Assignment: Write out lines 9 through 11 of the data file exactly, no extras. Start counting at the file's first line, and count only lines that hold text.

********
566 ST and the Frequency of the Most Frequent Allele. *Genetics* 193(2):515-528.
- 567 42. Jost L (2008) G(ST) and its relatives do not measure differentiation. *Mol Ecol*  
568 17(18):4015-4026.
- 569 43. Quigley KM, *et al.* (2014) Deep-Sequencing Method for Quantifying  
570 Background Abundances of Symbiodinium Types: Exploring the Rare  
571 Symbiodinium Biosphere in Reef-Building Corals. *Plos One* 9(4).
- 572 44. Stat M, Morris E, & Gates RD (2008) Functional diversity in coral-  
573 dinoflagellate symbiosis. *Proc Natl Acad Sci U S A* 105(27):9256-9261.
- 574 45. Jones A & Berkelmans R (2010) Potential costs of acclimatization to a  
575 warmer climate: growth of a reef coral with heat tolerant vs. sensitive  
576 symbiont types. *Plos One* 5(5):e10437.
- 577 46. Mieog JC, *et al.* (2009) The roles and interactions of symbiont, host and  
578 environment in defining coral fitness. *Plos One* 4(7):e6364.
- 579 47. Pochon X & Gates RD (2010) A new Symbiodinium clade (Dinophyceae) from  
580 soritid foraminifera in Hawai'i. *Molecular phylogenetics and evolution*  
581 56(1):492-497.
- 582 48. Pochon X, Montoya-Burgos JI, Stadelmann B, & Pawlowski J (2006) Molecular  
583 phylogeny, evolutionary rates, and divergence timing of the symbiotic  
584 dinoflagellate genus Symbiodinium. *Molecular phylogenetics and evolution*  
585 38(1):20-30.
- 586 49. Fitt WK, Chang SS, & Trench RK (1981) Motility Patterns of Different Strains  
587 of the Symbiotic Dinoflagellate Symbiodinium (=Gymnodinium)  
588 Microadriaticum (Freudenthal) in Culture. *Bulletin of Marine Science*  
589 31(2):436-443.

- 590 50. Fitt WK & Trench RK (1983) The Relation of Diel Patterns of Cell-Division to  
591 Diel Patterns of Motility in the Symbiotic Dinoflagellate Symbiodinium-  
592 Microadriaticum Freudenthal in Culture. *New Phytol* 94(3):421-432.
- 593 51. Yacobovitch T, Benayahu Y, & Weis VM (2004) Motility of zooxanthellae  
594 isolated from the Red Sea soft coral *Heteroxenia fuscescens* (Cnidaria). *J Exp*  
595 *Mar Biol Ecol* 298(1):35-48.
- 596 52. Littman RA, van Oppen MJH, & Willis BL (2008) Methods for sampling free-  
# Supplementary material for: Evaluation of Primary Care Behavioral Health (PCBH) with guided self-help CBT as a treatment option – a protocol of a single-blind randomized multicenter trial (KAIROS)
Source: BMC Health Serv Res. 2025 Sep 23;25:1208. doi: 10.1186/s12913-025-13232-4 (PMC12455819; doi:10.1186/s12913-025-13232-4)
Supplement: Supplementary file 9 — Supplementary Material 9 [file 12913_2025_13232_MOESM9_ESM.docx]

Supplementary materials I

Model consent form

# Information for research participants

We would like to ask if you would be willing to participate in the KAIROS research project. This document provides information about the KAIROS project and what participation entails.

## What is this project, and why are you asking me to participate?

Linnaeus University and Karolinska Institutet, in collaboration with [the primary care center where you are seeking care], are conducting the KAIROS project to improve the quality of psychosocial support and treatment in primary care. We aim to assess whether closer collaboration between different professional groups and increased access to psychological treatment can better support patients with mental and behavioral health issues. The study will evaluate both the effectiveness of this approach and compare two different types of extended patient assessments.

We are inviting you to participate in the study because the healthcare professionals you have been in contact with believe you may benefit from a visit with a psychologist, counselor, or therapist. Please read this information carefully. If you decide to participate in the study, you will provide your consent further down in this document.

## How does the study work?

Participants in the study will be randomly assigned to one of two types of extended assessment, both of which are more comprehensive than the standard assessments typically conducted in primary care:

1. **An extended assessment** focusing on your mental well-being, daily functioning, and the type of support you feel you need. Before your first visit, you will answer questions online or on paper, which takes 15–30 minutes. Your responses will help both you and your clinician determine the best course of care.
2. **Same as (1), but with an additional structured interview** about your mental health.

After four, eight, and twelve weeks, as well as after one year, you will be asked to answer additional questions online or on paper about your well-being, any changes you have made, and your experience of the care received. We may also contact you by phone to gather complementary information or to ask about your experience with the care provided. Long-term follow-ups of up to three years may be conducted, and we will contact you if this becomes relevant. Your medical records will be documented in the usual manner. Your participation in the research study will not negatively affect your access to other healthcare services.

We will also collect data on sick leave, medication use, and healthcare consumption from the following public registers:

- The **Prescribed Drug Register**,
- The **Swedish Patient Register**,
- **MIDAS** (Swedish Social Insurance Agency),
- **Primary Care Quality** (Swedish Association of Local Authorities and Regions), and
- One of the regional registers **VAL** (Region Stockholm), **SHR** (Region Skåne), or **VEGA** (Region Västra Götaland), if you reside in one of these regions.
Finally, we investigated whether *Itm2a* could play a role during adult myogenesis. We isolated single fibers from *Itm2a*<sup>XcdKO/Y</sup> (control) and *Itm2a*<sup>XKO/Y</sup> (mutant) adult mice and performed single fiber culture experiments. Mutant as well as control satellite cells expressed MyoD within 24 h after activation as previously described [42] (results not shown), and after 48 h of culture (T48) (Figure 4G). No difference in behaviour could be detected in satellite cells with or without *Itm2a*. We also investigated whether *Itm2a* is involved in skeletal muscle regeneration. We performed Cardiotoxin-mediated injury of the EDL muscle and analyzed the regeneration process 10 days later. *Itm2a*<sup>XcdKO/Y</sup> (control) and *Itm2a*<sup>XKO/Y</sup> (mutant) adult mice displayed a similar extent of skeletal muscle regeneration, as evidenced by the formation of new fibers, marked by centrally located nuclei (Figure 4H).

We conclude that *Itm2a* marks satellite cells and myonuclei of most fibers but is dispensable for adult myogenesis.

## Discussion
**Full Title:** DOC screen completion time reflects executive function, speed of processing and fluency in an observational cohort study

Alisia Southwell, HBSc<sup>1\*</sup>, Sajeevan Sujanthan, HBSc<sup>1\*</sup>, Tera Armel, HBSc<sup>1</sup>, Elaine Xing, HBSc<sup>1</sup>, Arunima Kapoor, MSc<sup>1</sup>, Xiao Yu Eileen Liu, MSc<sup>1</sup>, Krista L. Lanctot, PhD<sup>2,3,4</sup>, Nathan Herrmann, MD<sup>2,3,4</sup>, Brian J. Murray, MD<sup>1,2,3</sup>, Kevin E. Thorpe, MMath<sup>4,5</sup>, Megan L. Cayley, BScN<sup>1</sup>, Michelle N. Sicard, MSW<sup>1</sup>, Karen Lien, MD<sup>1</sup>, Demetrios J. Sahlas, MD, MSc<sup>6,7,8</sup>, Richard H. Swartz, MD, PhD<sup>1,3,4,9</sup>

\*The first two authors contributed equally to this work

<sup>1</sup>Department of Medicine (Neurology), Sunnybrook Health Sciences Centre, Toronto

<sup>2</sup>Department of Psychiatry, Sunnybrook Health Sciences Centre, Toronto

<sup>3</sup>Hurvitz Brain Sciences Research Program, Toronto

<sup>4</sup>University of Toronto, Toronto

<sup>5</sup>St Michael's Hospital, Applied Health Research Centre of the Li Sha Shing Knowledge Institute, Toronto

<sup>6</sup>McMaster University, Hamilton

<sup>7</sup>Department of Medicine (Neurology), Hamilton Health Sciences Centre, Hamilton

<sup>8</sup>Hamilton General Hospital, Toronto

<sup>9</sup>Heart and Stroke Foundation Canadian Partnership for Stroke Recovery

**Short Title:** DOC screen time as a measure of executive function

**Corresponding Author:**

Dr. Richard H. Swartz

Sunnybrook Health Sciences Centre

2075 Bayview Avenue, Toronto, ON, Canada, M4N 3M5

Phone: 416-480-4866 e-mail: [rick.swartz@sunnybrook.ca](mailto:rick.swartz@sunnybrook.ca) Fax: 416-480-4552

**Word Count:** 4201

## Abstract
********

- 574 45. Jones A & Berkelmans R (2010) Potential costs of acclimatization to a  
575 warmer climate: growth of a reef coral with heat tolerant vs. sensitive  
576 symbiont types. *Plos One* 5(5):e10437.